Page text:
5. But we can of course formulate the same point the other way round: in a world that is both complex and multi-perspectival, significance (at least the kind of significance that is based on mystery and surprise) is not inherent in the events themselves, but rather comes from the dynamic of perspective: the direction from which, and the order in which, we get closer to events and learn about them.

What I most need to do is to record experiences, not in the order in which they took place — for that is history — but in the order in which they first became significant for me. (97)

What produces significance (mystery, surprise) is Durrell’s way of directing the reader’s attention into and out of the various perspectives, in a carefully arranged order.

To re-arrange the events that make up reality, in order to show their significance, is explicitly the artistic philosophy of Durrell’s narrator, too: “only there, in the silences of the painter or the writer can reality be reordered, reworked and made to show its significant side.” (20; Although he retracts later — at 657 — from the idea that a writer can do much work to ‘rework’ reality, the notion that the work of the artist aims at ‘showing the significant side’ of it still stands.)

Significance depends on perspective; and that is not static, but dynamic: changes of perspective matter, and so does the order in which things are presented in different perspectives. Thus the task of the writer is not so much to explore events themselves, but to explore the ways perspectives have to arranged to create (as mystery) or destroy (as surprise) particular forms of significance.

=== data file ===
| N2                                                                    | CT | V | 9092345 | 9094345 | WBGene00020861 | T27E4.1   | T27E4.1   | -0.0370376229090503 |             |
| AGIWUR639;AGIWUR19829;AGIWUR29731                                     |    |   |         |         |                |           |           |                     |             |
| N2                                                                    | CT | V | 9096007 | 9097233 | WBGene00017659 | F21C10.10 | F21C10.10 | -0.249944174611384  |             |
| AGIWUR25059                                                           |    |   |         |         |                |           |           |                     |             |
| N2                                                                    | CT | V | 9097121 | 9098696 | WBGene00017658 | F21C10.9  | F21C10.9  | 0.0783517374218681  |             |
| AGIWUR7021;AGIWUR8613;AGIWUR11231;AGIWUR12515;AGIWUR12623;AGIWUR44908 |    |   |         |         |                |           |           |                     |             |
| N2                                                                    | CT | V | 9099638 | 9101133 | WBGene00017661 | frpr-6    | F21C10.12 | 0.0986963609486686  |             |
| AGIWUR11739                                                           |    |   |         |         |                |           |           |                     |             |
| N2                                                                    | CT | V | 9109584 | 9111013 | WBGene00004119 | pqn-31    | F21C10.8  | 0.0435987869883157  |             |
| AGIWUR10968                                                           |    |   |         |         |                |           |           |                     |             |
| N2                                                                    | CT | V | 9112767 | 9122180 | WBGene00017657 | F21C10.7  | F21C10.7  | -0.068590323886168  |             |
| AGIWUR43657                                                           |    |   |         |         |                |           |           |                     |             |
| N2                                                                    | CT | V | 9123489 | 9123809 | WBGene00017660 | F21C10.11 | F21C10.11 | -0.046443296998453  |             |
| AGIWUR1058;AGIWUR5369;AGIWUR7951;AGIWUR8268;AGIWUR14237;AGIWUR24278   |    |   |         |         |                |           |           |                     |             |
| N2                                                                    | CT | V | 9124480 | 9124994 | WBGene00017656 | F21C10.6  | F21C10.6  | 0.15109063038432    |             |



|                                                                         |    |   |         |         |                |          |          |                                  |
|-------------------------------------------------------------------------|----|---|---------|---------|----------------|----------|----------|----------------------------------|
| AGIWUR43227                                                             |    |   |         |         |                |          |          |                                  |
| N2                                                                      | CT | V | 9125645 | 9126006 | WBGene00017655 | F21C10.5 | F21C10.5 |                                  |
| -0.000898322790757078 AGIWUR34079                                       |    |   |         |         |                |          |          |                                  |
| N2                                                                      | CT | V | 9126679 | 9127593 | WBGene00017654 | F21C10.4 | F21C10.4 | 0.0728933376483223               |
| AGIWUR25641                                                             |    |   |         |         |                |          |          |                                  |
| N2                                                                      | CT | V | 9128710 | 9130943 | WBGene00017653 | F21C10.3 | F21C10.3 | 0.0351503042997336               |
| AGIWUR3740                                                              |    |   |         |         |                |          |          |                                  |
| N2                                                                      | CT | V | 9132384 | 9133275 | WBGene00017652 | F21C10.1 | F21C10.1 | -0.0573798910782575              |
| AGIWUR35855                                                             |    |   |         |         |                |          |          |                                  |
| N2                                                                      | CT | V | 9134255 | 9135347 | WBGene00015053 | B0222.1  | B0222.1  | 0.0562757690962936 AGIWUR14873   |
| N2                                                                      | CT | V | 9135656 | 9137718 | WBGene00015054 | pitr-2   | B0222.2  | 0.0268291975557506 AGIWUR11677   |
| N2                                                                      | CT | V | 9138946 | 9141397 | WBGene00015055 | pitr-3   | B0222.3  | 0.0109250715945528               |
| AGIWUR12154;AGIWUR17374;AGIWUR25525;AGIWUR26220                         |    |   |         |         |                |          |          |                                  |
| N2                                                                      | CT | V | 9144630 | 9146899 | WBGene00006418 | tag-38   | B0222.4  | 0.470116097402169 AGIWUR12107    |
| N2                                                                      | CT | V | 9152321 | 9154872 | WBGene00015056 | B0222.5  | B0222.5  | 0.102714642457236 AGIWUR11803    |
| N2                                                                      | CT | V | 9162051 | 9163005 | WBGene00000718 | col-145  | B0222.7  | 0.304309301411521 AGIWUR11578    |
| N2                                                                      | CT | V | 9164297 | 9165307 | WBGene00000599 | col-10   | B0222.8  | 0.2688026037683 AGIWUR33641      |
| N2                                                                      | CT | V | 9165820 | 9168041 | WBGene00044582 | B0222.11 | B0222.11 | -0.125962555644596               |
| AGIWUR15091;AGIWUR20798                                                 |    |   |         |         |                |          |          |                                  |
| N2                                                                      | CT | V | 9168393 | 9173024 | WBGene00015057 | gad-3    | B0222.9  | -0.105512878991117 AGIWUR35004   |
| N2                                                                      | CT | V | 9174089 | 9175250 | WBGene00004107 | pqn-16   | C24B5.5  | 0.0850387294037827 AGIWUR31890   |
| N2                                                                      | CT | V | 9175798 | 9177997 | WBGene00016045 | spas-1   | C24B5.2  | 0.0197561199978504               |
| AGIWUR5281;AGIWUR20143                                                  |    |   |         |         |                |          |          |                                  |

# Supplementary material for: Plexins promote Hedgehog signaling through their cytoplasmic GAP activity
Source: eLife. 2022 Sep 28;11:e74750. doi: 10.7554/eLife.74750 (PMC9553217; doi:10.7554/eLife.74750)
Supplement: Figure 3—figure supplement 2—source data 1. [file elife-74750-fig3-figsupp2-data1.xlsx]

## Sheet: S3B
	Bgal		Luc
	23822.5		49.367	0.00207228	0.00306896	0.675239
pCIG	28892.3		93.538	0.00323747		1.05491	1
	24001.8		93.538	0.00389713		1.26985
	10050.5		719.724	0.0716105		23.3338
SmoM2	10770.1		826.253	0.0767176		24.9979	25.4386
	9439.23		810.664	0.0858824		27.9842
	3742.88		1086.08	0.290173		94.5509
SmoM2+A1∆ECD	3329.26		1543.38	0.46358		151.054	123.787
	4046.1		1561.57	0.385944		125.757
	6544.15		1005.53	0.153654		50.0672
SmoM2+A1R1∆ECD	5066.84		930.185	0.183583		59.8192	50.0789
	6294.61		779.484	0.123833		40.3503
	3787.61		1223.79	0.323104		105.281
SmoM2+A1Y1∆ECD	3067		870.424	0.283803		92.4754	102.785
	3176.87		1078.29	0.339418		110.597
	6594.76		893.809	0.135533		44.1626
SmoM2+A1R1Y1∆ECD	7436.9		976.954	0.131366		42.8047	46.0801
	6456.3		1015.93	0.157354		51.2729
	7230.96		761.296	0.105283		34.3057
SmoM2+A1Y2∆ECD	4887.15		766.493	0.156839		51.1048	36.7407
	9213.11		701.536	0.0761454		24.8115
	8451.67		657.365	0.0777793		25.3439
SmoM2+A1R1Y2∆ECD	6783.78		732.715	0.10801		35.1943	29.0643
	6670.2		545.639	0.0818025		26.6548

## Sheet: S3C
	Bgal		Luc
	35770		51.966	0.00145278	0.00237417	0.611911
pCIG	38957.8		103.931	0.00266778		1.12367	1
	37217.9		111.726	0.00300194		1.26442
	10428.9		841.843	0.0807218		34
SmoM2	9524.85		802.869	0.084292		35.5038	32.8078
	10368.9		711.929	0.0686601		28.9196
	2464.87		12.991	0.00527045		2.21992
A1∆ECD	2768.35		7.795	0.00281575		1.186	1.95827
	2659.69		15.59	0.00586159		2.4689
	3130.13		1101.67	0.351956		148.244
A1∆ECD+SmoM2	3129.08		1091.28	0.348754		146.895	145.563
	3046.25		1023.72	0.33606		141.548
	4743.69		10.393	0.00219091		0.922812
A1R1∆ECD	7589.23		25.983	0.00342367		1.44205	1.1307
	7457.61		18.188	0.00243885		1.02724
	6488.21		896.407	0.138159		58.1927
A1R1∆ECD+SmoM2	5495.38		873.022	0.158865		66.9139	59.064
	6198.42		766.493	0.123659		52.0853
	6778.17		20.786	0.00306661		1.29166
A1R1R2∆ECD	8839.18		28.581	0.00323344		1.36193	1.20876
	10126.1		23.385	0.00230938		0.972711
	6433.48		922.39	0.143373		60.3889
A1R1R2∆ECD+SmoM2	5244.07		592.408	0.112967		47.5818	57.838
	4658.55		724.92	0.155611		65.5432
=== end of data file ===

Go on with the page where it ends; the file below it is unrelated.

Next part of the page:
6. Not all perspectives are equal with respect to significance: sometimes significance shows only up in one and not in others, and sometimes it only shows up from one perspective if we have things seen from another perspective beforehand.

The meaning of Justine’s affair with Darley, or that of Pursewarden’s suicide, can be tracked through each of the three novels, and it changes its significance with what we learn there. Both characters’ entanglement in political intrigue only gets into the picture with what we learn in the third novel (in Mountolive). It didn’t even really come to mind from the earlier books’ perspectives. So this is a case where meaning shows up only from some perspectives, not from others.

The earlier interpretations are speculative not simply for lack of detail information, of course. What matters is that the information which the speculators lack is private information, deliberately held back by (in these cases) Justine and Pursewarden.

But there is more to it. The background information which we get in Mountolive about Justine’s and Purswarden’s respective motivations make their actions more plausible. But they make them more prosaic as well — compared to the speculative, ‘archetypal’ interpretations which they receive in Justine, where most of the background information is missing. The new information produces the surprise that goes along with a plot twist, but at the same time removes much of the mystique.

By Leif Frenzel

Leif Frenzel is a writer and independent researcher. He has a background in philosophy, literature, music, and information technology. His recent interest is Jungian psychology, especially synchronicities and the relationship between consciousness and the unconscious.